I work on this fantastic system, where a particular DB table needs to store some 25 flags which are part of configuration data. Instead of using named bit fields, these flags are stored as "machine-hex" strings representing the bitmap. Machine-hex is like hex, except that it is [read] little-endian and ':', ';', '<', '=', '>', and '?' denote the digits after 9. Thus the string '4<1>:0' stores the flags 0000 1010 1110 0001 1100 0100.

Removing Spaces, the Easy Way

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There are tons of functions in so-called "standard" libraries, but sometimes the function you want just isn't there. Luckily, string functions are so simple to write that anyone can do it!

Submitted for your consideration, an example from Randy, who says, "I think the design kind of speaks for itself." The following code demonstrates how to get rid of unwanted spaces.

Validating Email Addresses

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The format for e-mail addresses is specified in a number of RFCs; it's a pet peeve of mine when people "validate" away perfectly valid addresses, for instance: websites that think all domains end in .com, .net, .edu, or .org; and agents that refuse to transfer mail with a + in the local-part. To that end, I wrote my own regular expression that (I believe) follows the specification, which I'll share below.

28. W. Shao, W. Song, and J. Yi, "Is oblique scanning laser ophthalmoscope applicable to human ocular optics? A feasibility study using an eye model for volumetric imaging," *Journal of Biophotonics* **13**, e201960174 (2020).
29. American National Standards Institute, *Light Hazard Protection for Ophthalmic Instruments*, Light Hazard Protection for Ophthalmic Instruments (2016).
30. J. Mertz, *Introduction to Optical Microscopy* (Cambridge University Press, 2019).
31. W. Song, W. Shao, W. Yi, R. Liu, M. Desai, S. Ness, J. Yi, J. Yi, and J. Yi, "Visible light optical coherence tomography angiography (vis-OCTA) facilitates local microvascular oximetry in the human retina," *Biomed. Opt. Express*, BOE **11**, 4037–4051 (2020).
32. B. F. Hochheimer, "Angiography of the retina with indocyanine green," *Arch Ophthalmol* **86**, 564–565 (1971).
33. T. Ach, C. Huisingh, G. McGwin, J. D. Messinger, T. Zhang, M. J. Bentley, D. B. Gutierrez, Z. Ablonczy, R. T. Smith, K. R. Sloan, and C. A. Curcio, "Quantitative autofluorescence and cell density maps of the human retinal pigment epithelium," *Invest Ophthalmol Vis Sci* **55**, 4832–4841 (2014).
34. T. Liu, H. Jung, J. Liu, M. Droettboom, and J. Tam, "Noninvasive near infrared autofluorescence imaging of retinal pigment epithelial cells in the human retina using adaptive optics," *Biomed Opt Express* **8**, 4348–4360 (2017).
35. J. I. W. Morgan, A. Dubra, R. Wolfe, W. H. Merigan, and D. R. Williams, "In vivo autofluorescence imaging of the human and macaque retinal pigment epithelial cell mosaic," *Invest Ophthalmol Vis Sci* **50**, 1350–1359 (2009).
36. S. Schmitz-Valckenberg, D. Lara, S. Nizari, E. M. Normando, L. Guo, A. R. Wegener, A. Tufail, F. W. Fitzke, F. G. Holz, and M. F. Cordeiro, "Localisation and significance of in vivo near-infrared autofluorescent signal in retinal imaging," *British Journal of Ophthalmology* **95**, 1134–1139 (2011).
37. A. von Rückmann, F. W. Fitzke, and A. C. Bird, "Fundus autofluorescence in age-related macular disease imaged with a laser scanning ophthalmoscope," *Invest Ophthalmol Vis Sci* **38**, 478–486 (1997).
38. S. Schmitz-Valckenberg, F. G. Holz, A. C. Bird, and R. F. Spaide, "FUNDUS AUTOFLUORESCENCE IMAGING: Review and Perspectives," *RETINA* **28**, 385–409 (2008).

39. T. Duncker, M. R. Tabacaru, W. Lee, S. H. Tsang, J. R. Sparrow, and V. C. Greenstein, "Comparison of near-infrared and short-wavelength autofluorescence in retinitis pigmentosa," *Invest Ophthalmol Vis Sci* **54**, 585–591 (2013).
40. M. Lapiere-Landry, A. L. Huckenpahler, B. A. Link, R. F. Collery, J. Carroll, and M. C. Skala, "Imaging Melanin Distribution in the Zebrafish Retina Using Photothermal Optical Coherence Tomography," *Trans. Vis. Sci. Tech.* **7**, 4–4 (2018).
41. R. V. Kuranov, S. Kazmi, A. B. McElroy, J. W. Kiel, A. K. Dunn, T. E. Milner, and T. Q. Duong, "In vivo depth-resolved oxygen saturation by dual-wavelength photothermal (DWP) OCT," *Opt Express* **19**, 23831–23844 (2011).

First, I'd like to share some code that Igor found, which he considers a masterpiece.

Global Spaces

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Global variables have gotten a bad wrap. Like goto, comefrom, they are often considered harmful. Not everyone thinks action at a distance is spooky.

These days, they are often used as global constants, whether they're written that way or not. For instance, Rachel found the following global variable in some code she inherited.

Fun with Files